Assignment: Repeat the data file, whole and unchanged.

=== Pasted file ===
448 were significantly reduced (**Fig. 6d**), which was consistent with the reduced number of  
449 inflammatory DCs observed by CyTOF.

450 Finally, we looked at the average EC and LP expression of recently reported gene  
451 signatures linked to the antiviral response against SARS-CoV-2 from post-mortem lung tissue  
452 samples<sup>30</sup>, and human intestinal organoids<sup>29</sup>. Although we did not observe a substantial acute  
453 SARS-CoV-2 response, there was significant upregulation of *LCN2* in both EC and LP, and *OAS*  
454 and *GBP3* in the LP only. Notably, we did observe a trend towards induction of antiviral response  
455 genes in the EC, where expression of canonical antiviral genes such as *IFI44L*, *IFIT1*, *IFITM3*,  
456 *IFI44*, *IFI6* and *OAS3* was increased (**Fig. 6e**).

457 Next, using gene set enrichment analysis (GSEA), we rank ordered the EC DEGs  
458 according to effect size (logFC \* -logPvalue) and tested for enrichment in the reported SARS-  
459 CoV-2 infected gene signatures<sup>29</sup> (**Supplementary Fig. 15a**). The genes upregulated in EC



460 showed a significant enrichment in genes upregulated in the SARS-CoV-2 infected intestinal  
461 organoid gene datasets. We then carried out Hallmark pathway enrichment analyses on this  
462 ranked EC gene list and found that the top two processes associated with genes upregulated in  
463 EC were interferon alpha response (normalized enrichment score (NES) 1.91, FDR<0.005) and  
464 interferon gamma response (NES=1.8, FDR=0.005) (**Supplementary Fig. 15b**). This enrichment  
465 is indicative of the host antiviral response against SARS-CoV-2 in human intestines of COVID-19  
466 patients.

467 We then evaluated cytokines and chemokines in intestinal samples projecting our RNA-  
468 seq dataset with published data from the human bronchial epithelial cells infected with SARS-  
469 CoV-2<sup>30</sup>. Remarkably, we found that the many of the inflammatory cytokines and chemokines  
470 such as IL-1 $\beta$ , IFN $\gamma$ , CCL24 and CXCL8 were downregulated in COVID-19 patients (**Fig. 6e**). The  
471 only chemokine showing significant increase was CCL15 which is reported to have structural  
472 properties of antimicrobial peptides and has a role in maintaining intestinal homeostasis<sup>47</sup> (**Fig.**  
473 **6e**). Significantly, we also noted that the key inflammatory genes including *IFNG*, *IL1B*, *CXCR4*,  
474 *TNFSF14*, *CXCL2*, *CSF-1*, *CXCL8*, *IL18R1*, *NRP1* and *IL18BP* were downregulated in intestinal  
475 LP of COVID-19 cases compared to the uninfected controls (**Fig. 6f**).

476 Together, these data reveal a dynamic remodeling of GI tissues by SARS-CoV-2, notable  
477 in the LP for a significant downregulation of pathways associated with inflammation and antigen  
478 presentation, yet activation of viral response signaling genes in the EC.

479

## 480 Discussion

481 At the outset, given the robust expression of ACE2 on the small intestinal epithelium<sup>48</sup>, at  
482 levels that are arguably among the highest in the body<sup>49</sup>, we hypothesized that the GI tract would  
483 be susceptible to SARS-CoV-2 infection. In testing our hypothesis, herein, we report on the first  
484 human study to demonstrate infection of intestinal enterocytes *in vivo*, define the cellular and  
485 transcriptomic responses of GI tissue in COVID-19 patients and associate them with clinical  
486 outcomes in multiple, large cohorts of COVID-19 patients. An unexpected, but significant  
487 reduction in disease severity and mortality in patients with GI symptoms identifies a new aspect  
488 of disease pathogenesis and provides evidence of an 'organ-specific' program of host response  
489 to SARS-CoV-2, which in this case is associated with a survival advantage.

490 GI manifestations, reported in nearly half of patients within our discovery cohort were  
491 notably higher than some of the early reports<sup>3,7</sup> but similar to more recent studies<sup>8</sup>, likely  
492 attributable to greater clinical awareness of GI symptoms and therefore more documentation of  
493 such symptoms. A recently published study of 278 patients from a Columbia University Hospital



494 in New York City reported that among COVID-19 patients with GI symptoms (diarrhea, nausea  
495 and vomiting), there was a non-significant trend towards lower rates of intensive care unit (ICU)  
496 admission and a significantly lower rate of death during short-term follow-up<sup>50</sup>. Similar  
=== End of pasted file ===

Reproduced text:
448 were significantly reduced (**Fig. 6d**), which was consistent with the reduced number of  
449 inflammatory DCs observed by CyTOF.

450 Finally, we looked at the average EC and LP expression of recently reported gene  
451 signatures linked to the antiviral response against SARS-CoV-2 from post-mortem lung tissue  
452 samples<sup>30</sup>, and human intestinal organoids<sup>29</sup>. Although we did not observe a substantial acute  
453 SARS-CoV-2 response, there was significant upregulation of *LCN2* in both EC and LP, and *OAS*  
454 and *GBP3* in the LP only. Notably, we did observe a trend towards induction of antiviral response  
455 genes in the EC, where expression of canonical antiviral genes such as *IFI44L*, *IFIT1*, *IFITM3*,  
456 *IFI44*, *IFI6* and *OAS3* was increased (**Fig. 6e**).

457 Next, using gene set enrichment analysis (GSEA), we rank ordered the EC DEGs  
458 according to effect size (logFC \* -logPvalue) and tested for enrichment in the reported SARS-  
459 CoV-2 infected gene signatures<sup>29</sup> (**Supplementary Fig. 15a**). The genes upregulated in EC



460 showed a significant enrichment in genes upregulated in the SARS-CoV-2 infected intestinal  
461 organoid gene datasets. We then carried out Hallmark pathway enrichment analyses on this  
462 ranked EC gene list and found that the top two processes associated with genes upregulated in  
463 EC were interferon alpha response (normalized enrichment score (NES) 1.91, FDR<0.005) and  
464 interferon gamma response (NES=1.8, FDR=0.005) (**Supplementary Fig. 15b**). This enrichment  
465 is indicative of the host antiviral response against SARS-CoV-2 in human intestines of COVID-19  
466 patients.

467 We then evaluated cytokines and chemokines in intestinal samples projecting our RNA-  
468 seq dataset with published data from the human bronchial epithelial cells infected with SARS-  
469 CoV-2<sup>30</sup>. Remarkably, we found that the many of the inflammatory cytokines and chemokines  
470 such as IL-1 $\beta$ , IFN $\gamma$ , CCL24 and CXCL8 were downregulated in COVID-19 patients (**Fig. 6e**). The  
471 only chemokine showing significant increase was CCL15 which is reported to have structural  
472 properties of antimicrobial peptides and has a role in maintaining intestinal homeostasis<sup>47</sup> (**Fig.**  
473 **6e**). Significantly, we also noted that the key inflammatory genes including *IFNG*, *IL1B*, *CXCR4*,  
474 *TNFSF14*, *CXCL2*, *CSF-1*, *CXCL8*, *IL18R1*, *NRP1* and *IL18BP* were downregulated in intestinal  
475 LP of COVID-19 cases compared to the uninfected controls (**Fig. 6f**).

476 Together, these data reveal a dynamic remodeling of GI tissues by SARS-CoV-2, notable  
477 in the LP for a significant downregulation of pathways associated with inflammation and antigen  
478 presentation, yet activation of viral response signaling genes in the EC.

479

## 480 Discussion

481 At the outset, given the robust expression of ACE2 on the small intestinal epithelium<sup>48</sup>, at  
482 levels that are arguably among the highest in the body<sup>49</sup>, we hypothesized that the GI tract would  
483 be susceptible to SARS-CoV-2 infection. In testing our hypothesis, herein, we report on the first  
484 human study to demonstrate infection of intestinal enterocytes *in vivo*, define the cellular and  
485 transcriptomic responses of GI tissue in COVID-19 patients and associate them with clinical  
486 outcomes in multiple, large cohorts of COVID-19 patients. An unexpected, but significant  
487 reduction in disease severity and mortality in patients with GI symptoms identifies a new aspect  
488 of disease pathogenesis and provides evidence of an 'organ-specific' program of host response  
489 to SARS-CoV-2, which in this case is associated with a survival advantage.

490 GI manifestations, reported in nearly half of patients within our discovery cohort were  
491 notably higher than some of the early reports<sup>3,7</sup> but similar to more recent studies<sup>8</sup>, likely  
492 attributable to greater clinical awareness of GI symptoms and therefore more documentation of  
493 such symptoms. A recently published study of 278 patients from a Columbia University Hospital



494 in New York City reported that among COVID-19 patients with GI symptoms (diarrhea, nausea  
495 and vomiting), there was a non-significant trend towards lower rates of intensive care unit (ICU)  
496 admission and a significantly lower rate of death during short-term follow-up<sup>50</sup>. Similar  